Why it’s OK for the US housing market to slow down

Soon, home prices in some markets will have to come down to keep themselves affordable.
Soon, home prices in some markets will have to come down to keep themselves affordable.
Image: Reuters/Mike Blake
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We’ve begun to see signs of a nationwide slowdown in the pace of home value appreciation, and that’s a good thing. The question going forward is whether political debates will lead to too much of a good thing and prevent moderation from turning into normalization. As Matt Philips’ noted in Quartz last week shows, housing prices are still going up but their pace of growth is definitely slowing down.

Zillow’s own data show that after the monthly pace of home value increases rose to 0.9% in May, we’ve witnessed three straight months of slowing monthly gains. This trend should continue as mortgage interest rates rise, investors exit the market and more homes are made available.

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Even as this occurs, increasing household formation rates and the continued unwinding of doubled-up households created by the housing recession should keep demand at a level sufficient to support this slower pace of appreciation. Zillow expects annual home value appreciation to fall from 6.4% in August 2013 to 5.2% by August 2014, and to lower rates more in line with longer-term historic norms of between 3% and 4% beyond that.

The robust bounce off the bottom experienced since late 2011 has been great, but the breakneck appreciation we’ve seen in many areas is unsustainable. If prices rise too fast, they outpace income growth and impact affordability. This is less of a problem when mortgage interest rates are very low, as consumers’ purchasing power is boosted. But rates won’t stay this low forever.

And as interest rates rise, this affordability problem will become more apparent in a handful of hot markets where home values are already at or near their prior peak levels, such as San Jose, California. Home values there rose 24% in August. Because rates are so low, San Jose homeowners currently spend 34% of their monthly incomes on a mortgage. But looking ahead, even assuming appreciation at a slower 8.3% pace over the next year, once rates hit 5% homeowners will be spending 44% of their incomes on a mortgage—far more than the 36% share they spent in the pre-bubble years between 1985 and 2000.

As a result, in the years to come, home values will have to either stagnate or fall to remain affordable, which we may already be seeing. According to the Census Bureau, existing home sales in the western US fell by roughly 21% in August, even as inventory of such homes rose by 20%. Ultimately, consumers in the western US bought fewer homes not because they couldn’t find any to buy, but because they didn’t want to pay the price.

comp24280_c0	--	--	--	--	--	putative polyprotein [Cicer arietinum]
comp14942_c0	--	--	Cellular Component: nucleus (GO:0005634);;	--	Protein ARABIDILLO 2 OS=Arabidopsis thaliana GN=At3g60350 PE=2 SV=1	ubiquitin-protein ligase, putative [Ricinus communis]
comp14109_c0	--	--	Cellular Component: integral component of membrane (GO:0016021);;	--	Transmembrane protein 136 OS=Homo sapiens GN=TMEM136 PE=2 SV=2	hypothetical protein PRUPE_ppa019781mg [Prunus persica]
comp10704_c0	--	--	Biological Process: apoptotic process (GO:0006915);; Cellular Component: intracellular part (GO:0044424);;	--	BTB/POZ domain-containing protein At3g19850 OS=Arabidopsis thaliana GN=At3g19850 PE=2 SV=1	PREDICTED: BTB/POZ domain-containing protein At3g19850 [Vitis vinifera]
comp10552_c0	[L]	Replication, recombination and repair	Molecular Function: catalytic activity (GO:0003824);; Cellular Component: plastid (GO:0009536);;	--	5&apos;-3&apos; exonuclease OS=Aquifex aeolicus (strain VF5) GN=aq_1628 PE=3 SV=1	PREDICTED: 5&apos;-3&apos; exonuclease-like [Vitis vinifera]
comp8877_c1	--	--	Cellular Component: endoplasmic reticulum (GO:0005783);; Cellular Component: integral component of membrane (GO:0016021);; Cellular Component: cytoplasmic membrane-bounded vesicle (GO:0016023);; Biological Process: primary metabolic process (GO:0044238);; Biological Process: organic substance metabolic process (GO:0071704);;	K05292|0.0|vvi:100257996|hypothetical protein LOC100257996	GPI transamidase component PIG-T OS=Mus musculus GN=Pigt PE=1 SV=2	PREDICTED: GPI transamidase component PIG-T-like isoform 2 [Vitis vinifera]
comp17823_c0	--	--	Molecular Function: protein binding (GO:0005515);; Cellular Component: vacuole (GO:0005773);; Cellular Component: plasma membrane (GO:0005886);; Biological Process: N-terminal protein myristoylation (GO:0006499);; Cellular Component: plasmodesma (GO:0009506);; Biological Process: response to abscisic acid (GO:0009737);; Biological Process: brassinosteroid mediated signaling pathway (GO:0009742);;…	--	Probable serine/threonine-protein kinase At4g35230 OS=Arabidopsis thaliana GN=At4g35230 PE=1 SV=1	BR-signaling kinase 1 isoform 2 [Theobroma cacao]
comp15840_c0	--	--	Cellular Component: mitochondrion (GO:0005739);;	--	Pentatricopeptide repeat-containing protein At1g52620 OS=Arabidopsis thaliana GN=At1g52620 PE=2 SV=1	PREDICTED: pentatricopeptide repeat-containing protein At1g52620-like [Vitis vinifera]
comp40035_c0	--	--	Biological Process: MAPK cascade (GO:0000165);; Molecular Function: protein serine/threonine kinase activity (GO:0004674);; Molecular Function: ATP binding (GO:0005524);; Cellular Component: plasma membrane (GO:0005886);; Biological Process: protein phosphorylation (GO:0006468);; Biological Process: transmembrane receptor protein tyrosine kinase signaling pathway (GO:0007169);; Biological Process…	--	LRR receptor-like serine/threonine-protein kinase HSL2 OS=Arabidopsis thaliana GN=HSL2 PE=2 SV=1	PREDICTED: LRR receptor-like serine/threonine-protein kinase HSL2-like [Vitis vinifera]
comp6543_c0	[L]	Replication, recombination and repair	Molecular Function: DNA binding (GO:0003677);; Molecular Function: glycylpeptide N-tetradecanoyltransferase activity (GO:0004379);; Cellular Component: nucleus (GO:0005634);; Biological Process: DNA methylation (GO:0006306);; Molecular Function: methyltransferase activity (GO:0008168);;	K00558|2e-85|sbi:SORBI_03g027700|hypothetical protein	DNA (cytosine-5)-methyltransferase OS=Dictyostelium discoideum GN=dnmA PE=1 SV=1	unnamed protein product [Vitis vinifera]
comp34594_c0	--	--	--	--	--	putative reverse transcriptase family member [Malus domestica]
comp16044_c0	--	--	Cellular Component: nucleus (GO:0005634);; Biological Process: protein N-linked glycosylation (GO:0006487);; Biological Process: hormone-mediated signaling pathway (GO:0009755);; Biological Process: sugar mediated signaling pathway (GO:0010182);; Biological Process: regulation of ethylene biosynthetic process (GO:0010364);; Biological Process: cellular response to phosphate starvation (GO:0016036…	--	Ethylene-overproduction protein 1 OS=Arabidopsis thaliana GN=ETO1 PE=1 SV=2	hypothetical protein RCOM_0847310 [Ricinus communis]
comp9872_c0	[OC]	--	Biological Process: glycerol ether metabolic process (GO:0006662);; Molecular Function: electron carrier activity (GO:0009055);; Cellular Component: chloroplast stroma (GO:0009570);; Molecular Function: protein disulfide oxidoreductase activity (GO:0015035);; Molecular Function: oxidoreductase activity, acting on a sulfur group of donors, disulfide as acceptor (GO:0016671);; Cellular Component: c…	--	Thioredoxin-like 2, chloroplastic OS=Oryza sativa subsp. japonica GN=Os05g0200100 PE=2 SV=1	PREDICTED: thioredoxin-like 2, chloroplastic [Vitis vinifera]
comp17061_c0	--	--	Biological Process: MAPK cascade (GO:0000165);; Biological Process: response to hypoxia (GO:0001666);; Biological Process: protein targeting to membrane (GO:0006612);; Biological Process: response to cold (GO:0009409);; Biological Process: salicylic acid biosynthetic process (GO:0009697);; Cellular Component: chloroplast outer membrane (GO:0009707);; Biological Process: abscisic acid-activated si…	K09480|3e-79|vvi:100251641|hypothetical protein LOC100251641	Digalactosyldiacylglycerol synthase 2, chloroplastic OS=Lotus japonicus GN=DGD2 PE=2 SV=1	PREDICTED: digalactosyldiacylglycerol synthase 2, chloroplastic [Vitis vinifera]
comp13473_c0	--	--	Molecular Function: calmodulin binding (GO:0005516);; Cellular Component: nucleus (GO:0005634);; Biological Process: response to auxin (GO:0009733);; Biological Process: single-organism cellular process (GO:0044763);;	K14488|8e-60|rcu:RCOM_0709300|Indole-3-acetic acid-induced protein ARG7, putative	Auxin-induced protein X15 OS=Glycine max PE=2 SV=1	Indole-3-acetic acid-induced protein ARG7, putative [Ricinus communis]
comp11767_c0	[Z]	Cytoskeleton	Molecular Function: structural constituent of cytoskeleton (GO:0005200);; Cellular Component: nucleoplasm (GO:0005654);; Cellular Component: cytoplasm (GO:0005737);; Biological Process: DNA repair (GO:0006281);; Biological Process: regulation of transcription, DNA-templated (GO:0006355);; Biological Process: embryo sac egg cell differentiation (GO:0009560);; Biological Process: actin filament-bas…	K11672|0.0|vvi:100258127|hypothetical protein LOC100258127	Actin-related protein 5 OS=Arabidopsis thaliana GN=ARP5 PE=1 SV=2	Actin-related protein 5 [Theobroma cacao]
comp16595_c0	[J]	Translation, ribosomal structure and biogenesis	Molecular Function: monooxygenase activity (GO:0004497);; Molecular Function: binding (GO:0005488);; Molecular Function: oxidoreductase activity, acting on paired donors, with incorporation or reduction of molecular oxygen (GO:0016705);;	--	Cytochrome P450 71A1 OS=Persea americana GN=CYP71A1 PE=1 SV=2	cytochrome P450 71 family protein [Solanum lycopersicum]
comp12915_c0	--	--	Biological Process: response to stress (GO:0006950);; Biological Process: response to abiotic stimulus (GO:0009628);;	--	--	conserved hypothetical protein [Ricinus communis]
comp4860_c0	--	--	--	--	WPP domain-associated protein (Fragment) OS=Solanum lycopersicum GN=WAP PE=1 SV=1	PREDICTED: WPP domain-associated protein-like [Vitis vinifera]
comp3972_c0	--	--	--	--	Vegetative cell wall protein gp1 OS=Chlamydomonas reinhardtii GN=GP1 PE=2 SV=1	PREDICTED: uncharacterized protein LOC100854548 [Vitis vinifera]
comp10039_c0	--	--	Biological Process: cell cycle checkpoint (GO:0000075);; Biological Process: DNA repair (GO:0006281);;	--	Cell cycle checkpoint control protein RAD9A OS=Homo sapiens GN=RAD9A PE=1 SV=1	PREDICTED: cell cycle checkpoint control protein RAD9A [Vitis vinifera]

It’s clear that moderation is happening, and has to happen. But what’s less clear is when the Federal Reserve will take its foot off the gas and allow moderation to occur more naturally.

The Fed recently delayed plans to begin drawing down its monthly purchases of Treasury bonds and mortgage-backed securities, which is helping to keep mortgage interest rates incredibly low. This tapering activity was expected to begin as early as September.

The Fed knows its actions move markets, often dramatically. But so do political debates, particularly of the sort currently being waged over the federal budget and debt ceiling. It seems likely the Fed has stepped back from its tapering plans at least in part to avoid hitting the economy with a one-two punch of politically induced budget blows to the body and an uppercut of tightening monetary policy.

The Fed needs to throttle-back its stimulus sooner or later, especially as it relates to the housing sector. But fearful of too much moderation introduced by political wrangling, the Fed may feel it has no choice but to stay the course for now, essentially playing the role of responsible adult. So we’re left not knowing what will happen in the political arena, and not knowing when the Fed will remove itself from the market.

In the end, this uncertainty may help foster volatility in the market. Some markets run a real risk of overheating as rates remain low. Other markets will remain real bargains even with higher rates because prices have fallen so far. Couple this with persistently high levels of negative equity nationwide, which will continue to restrict inventory and dampen demand as underwater homeowners remain stuck, and localized volatility will be the buzzword through at least the end of the decade.

The housing market today is undoubtedly in a much better place than it was in the recent past. Assuming the broader economy continues to recover more slowly, housing demand should continue to slowly increase, which will have a stabilizing effect even while rates rise. But it’s critical that we understand how the political choices we make today will have considerable economic impacts, particularly on the housing market, tomorrow.